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Macbeth: Theater Review

Macbeth Theater Review - H 2012
Paul Culos, Ned Schmidtke and Christian Barillas

The Bottom Line

Cogent mounting distinguished by subtle light and sound and a deep bench of supporting players. 

Venue

The Antaeus Company at Deaf West Theater, North Hollywood (runs through Aug. 26)

Playwright

William Shakespeare

Director

Jessica Kubzansky

The Antaeus Company takes on Shakespeare's classic in a double-cast North Hollywood production directed by Jessica Kubzansky.

Following last summer’s superb King Lear, the Antaeus Company returns with director Jessica Kubzansky’s Macbeth, completely double-cast in the Antaeus tradition (one troupe dubbed “The Thanes” and the other “The Kinsmen,” which alternate on weekends, with intermixed casts scrambled on weekday performances), 40 actors in all, ready to play in any combination in service of a single concept. And Kubzansky, co-artistic director of Pasadena’s Boston Court, has a distinctive take that elicits new insights into the text.

Most significantly, the action opens with a five-minute wordless sequence not in the play, of Macbeth and his Lady burying their dead infant. While obliquely hinted at in Shakespeare’s dialogue, making their grief explicit illuminates much of the couple’s motivations thereafter, providing no excuse or sympathy but yielding a great deal of clarity, plainly adding a dimension of envy over the issue of their victims, all loyal and loving friends. The first spoken words come from a pregnant goddess Hecate, in a speech cribbed from later in the play, informing us from the start of Macbeth’s delusionary trust in the witches’ prophecy will undo him.

Rob Nagle’s Macbeth is a bluff fellow, a warrior none too bright for all his tortured introspection, a guy who just wants to get to that point where he can rationalize his evil deeds. Tessa Auberjonois’ Lady Macbeth physically suggests her barren loss drives her to hector her husband to his purpose. However, the greatest tribute to the Company is the strength of technique in the supporting parts, including many of the smaller roles that often make little impression, such as Lennox (Jeff Thomas Gardner) and Ross (Armin Shimerman), who shine here in much the way that Lear’s stalwart retainer Kent always steals the show with blunt steadfastness.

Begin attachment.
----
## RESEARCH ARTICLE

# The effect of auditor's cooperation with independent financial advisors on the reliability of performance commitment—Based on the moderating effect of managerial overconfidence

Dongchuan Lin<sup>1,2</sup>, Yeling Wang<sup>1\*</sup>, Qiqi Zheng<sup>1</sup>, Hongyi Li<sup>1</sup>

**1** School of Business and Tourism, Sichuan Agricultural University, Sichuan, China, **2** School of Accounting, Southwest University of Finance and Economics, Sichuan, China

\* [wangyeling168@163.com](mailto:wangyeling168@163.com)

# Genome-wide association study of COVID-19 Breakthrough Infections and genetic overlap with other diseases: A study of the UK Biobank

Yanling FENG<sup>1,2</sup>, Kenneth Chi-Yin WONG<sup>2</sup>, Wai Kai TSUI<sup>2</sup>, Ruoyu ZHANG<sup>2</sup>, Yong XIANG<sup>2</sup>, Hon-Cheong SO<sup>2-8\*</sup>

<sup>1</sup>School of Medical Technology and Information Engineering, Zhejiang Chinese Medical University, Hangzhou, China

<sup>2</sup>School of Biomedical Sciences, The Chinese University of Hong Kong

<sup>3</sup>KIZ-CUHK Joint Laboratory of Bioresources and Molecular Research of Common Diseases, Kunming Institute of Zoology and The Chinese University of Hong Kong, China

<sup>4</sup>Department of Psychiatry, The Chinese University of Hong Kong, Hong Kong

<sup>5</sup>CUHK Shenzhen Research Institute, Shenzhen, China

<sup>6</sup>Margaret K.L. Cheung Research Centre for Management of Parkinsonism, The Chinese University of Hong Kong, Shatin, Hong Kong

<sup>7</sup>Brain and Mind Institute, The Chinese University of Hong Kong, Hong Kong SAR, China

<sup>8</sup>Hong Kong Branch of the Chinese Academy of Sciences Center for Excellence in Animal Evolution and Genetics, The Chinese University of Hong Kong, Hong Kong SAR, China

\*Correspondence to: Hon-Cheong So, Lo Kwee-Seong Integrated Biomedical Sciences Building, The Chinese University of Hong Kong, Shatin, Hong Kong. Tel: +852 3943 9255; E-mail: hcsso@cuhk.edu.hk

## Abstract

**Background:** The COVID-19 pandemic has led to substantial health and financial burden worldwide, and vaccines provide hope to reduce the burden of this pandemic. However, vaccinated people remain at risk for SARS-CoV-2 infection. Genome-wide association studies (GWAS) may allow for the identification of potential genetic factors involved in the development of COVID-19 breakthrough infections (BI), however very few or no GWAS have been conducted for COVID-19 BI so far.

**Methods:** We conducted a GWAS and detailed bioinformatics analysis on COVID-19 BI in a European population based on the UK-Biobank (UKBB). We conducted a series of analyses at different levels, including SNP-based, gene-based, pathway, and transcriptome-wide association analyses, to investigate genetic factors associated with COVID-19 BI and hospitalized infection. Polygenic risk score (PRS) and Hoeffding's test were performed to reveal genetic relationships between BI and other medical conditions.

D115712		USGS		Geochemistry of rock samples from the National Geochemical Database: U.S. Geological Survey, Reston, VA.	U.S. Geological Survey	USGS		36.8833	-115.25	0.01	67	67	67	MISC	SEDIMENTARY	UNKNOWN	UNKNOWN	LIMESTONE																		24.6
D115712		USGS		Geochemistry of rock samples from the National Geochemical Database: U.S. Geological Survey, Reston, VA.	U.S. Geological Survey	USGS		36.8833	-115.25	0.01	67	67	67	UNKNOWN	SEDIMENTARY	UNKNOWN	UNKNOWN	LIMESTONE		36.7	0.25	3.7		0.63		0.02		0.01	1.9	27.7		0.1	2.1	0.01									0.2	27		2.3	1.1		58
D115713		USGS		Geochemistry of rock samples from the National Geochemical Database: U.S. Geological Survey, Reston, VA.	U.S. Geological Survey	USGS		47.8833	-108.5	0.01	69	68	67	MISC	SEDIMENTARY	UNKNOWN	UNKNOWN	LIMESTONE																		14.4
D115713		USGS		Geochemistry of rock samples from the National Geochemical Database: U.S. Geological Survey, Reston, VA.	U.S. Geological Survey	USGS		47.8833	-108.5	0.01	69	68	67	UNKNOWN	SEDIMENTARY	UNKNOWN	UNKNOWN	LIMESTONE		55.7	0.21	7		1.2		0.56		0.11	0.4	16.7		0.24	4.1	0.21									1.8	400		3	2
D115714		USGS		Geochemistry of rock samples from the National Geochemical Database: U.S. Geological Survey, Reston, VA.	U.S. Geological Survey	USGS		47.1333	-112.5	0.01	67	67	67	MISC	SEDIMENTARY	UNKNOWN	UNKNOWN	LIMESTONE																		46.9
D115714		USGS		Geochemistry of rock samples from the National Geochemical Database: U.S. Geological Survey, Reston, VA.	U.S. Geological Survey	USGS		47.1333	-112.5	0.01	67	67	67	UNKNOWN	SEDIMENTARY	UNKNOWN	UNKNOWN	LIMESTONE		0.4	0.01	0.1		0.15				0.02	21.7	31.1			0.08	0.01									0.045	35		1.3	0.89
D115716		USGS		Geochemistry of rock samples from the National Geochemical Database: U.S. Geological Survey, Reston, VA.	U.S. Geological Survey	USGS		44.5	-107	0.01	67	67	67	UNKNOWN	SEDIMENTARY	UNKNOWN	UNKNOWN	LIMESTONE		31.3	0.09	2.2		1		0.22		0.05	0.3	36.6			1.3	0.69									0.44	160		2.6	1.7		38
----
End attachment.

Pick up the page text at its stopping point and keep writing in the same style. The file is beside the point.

Enlisting the same actor to play both the murdered King Duncan and Seyton, Macbeth’s cutthroat, is a daring ploy by Kubzansky, especially when Ned Schmidtke emerges from Duncan’s death chamber now in the role of an accomplice to his killing. The ever-reliable Ramon de Ocampo is cast as a much younger Banquo than customary and makes that novelty work inventively for the character.

While modestly mounted on the Antaeus’ tiny stage, the design elements are particularly impressive from local pillars of Los Angeles theater. With limited resources, John Zalewski’s menacing and often subliminal sound interplays complexly with the action, while Jeremy Pivnick frequently achieves expressive lighting effects comparable to crafted movie close-ups within the stage space.

Generally, the production picks up momentum as it goes along, with simple but crackerjack battle scenes, and a forceful build to the climaxes. And Kubzansky holds yet one more textual gambit for the very end, giving a well-known classic a genuine surprise ending.

Venue: The Antaeus Company at Deaf West Theater, North Hollywood (runs through Aug. 26)
Director: Jessica Kubzansky
Playwright: William Shakespeare
Cast Reviewed (“The Thanes”): Rob Nagle, Tessa Auberjonois, Ramon De Ocampo, Daniel Blinkoff, Ned Schmidtke, Armin Shimerman, Jeff Thomas Gardner, Christian Barillas, Jesse Sharp, Todd Waring, Kimiko Gelman, Lorna Raver, Jane Carr, Saundra McClain, Jason Thomas; (“The Kinsmen”): Bo Foxworth, Ann Noble, Joe Holt, Peter Van Norden, James Sutorius, John Sloan, Kitty Swink, Joe Delafield, Alex Knox, Steve Hofvendahl, Brian Tichnell, Fran Bennett, Susan Boyd Joyce, Elizabeth Swain, Sam Breen.
Set designer: Tom Buderwitz
Lighting designer: Jeremy Pivnick
Sound designer: John Zalewski
Fight director: Peter Katona